The summer of 2018 offers up a cornucopia of astrological activity. If you're wondering what's next, the blood moon 2018 happens July 27, and it will be the longest total lunar eclipse this century. This type of lunar eclipse is referred to as a blood moon because of the reddish hue that surrounds the moon, and historically, it's prompted conspiracy theorists to attribute it to the apocalypse, Express UK reported.
That's probably not going to happen, but these days it's never a bad idea to have some end-of-the-world supplies stashed away, which also come in handy during a natural disaster, or when you just need a bandaid. While the blood moon will bring the longest lunar eclipse this century, unfortunately you'll only be able to see it IRL if you're located in Asia, Australia, New Zealand, and much of Europe and Africa. Additionally, some parts of South America might be able to catch a glimpse of the eclipse, Newsweek noted.
"The eclipse will take place from 6:24 p.m. UTC (2:24 p.m. ET) and 10:19 p.m. UTC (6:24 p.m. ET)," Newsweek reported. "The event will begin with a partial eclipse until around 7:30 p.m. UTC before the skies are graced with the especially long total eclipse," which will last almost two hours.
The July 27 total lunar eclipse is so long because the "full moon and July lunar apogee — the moon’s most distant point from Earth in its monthly orbit — both fall on the same date," EarthSky explained on its website. "Therefore, the July 2018 full moon showcases the most distant and smallest full moon of the year."
If you've seen the movie Practical Magic starring Nicole Kidman and Sandra Bullock, then you might remember when the spell-casting sisters noticed the blood moon right before things started to get bringing-people-back-from-the-dead creepy. While a series of unfortunate events befell Sally and Gillian Owens in the movie, the blood moon, which is a supermoon total lunar eclipse, is actually nothing to be afraid of. In fact, blood moon total lunar eclipses happen about every 545 days, and it has yet to wipe out humankind.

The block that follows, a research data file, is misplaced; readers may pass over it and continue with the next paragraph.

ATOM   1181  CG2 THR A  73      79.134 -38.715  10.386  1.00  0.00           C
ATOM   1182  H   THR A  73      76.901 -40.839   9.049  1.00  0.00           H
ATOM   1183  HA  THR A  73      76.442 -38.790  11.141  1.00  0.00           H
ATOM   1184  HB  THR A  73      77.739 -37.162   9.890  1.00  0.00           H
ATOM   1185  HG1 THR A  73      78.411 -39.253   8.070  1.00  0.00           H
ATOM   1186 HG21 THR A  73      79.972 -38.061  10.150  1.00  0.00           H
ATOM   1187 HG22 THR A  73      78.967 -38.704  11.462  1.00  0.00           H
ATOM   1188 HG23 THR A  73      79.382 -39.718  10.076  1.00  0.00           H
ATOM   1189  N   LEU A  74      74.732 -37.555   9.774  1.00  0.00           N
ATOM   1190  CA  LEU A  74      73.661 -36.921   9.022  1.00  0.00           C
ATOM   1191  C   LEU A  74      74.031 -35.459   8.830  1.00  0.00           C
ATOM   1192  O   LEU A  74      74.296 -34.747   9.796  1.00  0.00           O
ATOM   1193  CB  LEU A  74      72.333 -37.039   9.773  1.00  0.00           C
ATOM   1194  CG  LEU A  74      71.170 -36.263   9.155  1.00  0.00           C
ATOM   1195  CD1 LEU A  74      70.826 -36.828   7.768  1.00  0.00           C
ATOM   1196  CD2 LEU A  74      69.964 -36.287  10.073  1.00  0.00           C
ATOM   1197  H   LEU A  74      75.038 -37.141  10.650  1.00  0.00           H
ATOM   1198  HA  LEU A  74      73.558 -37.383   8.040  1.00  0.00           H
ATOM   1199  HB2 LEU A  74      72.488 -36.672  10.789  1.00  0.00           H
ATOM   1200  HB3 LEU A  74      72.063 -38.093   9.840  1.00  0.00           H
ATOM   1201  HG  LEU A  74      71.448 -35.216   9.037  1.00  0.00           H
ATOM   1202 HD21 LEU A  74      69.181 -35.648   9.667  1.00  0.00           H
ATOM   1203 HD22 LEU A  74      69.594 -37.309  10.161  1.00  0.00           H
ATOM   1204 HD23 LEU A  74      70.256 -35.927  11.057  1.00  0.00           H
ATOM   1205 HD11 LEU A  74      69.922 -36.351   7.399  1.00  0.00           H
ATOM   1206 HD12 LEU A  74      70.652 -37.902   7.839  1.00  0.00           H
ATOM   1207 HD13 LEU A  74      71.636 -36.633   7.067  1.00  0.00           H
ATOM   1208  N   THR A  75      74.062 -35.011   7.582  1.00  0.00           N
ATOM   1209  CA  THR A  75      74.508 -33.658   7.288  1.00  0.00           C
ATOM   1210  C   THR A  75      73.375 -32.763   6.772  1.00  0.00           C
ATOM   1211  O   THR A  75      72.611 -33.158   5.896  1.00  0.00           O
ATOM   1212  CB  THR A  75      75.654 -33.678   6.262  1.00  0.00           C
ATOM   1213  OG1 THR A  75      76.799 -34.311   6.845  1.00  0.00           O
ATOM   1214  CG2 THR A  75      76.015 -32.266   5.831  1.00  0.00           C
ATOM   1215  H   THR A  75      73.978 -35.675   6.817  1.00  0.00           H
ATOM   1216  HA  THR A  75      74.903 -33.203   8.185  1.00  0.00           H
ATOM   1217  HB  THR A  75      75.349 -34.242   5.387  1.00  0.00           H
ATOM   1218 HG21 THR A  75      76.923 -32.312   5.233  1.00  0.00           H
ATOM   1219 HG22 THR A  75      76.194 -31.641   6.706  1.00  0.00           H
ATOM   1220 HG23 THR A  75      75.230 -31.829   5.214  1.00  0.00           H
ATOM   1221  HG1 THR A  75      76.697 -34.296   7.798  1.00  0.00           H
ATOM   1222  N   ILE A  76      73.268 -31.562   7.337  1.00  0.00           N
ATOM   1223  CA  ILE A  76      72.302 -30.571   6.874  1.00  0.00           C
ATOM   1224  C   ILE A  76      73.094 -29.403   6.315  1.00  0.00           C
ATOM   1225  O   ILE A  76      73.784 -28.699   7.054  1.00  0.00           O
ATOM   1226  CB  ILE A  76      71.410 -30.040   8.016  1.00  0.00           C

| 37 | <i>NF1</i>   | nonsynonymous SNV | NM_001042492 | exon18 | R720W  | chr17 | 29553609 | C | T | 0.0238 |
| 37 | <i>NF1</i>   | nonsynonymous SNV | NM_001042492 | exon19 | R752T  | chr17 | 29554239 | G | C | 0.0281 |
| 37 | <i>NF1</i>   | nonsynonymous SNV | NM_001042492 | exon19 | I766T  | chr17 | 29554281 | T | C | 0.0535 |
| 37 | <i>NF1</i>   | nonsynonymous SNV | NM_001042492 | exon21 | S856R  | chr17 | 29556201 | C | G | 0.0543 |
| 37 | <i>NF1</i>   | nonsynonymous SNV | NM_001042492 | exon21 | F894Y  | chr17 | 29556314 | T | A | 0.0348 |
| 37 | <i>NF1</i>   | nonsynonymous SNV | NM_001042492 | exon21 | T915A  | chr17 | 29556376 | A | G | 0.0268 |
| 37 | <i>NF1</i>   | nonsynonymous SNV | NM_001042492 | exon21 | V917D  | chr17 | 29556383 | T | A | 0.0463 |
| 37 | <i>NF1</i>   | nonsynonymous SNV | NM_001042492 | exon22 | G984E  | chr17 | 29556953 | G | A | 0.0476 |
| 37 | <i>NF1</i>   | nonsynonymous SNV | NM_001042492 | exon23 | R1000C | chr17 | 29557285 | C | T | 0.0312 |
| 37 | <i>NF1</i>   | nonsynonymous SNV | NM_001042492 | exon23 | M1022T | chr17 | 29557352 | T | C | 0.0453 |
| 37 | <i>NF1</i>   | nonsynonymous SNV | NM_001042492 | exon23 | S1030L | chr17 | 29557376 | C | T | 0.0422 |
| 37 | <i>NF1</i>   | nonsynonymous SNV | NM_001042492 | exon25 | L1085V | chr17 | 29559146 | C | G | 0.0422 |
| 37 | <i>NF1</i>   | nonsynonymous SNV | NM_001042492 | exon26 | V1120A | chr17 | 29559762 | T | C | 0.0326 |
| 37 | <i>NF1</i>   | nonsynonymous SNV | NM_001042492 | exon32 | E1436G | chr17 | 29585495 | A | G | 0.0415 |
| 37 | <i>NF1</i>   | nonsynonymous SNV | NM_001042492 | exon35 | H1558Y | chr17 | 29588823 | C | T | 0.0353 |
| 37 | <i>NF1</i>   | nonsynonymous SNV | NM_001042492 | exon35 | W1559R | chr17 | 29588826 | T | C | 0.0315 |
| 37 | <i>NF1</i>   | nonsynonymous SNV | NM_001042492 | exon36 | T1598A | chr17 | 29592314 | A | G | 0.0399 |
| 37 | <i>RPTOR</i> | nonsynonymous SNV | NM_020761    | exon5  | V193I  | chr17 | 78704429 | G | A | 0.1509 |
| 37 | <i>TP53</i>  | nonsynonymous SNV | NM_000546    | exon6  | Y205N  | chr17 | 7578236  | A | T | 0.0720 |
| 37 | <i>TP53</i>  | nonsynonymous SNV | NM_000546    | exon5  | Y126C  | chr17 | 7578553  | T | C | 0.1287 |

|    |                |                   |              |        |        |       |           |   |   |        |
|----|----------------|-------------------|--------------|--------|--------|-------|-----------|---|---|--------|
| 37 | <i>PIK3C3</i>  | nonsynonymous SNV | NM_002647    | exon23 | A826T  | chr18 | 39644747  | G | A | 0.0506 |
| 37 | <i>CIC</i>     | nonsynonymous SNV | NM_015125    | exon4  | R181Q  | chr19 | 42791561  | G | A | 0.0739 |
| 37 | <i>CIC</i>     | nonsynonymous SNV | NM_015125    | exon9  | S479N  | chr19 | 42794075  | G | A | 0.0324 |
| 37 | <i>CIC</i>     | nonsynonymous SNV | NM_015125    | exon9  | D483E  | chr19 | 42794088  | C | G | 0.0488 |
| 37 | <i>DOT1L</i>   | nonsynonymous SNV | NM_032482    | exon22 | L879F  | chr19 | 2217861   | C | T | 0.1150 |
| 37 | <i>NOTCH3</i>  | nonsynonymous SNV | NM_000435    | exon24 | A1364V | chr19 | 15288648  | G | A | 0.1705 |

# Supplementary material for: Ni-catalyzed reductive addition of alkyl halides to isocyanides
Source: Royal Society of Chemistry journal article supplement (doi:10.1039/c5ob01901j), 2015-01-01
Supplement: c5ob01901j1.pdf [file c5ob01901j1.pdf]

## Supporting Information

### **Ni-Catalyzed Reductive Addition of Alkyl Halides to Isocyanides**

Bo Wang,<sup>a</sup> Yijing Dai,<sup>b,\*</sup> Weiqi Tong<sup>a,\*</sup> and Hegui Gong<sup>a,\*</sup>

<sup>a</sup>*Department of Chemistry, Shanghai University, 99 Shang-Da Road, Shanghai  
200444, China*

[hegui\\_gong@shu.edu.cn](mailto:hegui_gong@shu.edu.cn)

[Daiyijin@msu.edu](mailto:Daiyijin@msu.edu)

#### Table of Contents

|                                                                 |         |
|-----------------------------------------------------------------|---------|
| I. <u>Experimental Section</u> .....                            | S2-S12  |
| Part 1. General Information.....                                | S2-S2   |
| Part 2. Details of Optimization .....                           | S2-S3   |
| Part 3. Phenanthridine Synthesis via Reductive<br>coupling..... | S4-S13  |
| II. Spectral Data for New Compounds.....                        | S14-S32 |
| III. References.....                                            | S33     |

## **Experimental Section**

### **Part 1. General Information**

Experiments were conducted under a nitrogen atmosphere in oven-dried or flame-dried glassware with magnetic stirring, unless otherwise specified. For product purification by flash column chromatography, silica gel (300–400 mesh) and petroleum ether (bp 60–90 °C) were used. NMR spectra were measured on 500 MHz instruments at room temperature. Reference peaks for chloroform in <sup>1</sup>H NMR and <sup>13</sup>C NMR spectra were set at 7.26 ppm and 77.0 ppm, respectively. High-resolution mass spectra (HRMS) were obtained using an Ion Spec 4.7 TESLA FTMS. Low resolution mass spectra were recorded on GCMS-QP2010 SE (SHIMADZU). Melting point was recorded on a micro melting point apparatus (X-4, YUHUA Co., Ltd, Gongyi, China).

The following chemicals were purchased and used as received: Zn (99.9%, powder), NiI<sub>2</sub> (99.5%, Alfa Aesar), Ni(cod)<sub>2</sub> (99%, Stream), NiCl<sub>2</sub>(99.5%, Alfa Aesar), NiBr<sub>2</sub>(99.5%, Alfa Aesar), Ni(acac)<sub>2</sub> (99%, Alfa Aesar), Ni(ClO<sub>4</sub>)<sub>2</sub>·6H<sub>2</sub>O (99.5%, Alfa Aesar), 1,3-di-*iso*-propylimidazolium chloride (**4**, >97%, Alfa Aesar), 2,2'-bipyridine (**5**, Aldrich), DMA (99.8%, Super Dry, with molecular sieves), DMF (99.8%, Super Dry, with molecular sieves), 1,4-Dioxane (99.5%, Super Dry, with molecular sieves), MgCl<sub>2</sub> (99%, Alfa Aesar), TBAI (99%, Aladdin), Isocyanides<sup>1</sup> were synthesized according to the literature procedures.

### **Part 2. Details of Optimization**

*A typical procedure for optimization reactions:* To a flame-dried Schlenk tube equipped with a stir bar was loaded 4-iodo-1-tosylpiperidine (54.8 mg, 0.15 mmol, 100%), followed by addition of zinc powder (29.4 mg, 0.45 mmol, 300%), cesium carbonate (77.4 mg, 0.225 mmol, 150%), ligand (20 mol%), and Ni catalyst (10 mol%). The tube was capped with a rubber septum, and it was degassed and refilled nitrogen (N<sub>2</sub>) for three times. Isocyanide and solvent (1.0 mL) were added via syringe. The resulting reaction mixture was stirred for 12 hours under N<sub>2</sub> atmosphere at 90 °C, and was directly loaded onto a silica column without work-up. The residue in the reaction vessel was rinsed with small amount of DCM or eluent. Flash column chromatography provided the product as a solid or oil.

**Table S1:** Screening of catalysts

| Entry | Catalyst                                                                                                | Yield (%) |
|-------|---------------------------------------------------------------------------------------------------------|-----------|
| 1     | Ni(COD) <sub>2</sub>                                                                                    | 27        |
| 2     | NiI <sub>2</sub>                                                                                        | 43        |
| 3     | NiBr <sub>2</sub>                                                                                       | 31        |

When in doubt, turn to science, which can usually debunk any end-of-days theories. "The moon does not have any light of its own — it shines because its surface reflects sunlight. During a total lunar eclipse, the Earth moves between the sun and the moon and cuts off the moon's light supply," Time and Date explained on its website. "When this happens, the surface of the moon takes on a reddish glow instead of going completely dark."
This phenomena is called Rayleigh scattering, and there's actually no blood involved. "The condition of the Earth's atmosphere, including the amount of pollution and dust from storms and volcanic eruptions, can affect the shade of red the moon takes on during the eclipse," Time and Date noted.
Even though you won't be able to see the lunar eclipse from the U.S., you should still be able to see the full blood moon. Generally, a greater understanding of science has caused most people to abandon the notion that blood moons bring bad mojo. Though some people still relate disasters that coincide with blood moons as proof that the blood moon is prophetic, it's actually just a coincidence.
"Associations between ‘disastrous’ events and normal astronomical events are all fabrications of the human mind, as people attempt to find explanations for why disasters affect them," Jeff Gaherty, author of Four Blood Moons: Something is About to Change, is quoted from his book on the Old Farmers' Almanac website.
"Because of the internet and cable news channels, people now hear reports of disasters from around the world, including earthquakes, tsunamis and volcanic eruptions, which they never would have been aware of in the past." In the case of end-of-the-world prophecies, ignorance really is bliss.
Eclipses and blood moons happen regularly (a lunar eclipse can only occur during a full moon), and despite predictions that the end is near, the Earth keeps spinning just like always. If you want to watch the July 27 blood moon lunar eclipse, you can stream it on Time and Date from 1:14 to 7:28 p.m. ET. This way — whether or not the longest eclipse this century is the beginning of the end of the world — at least you can say you saw it.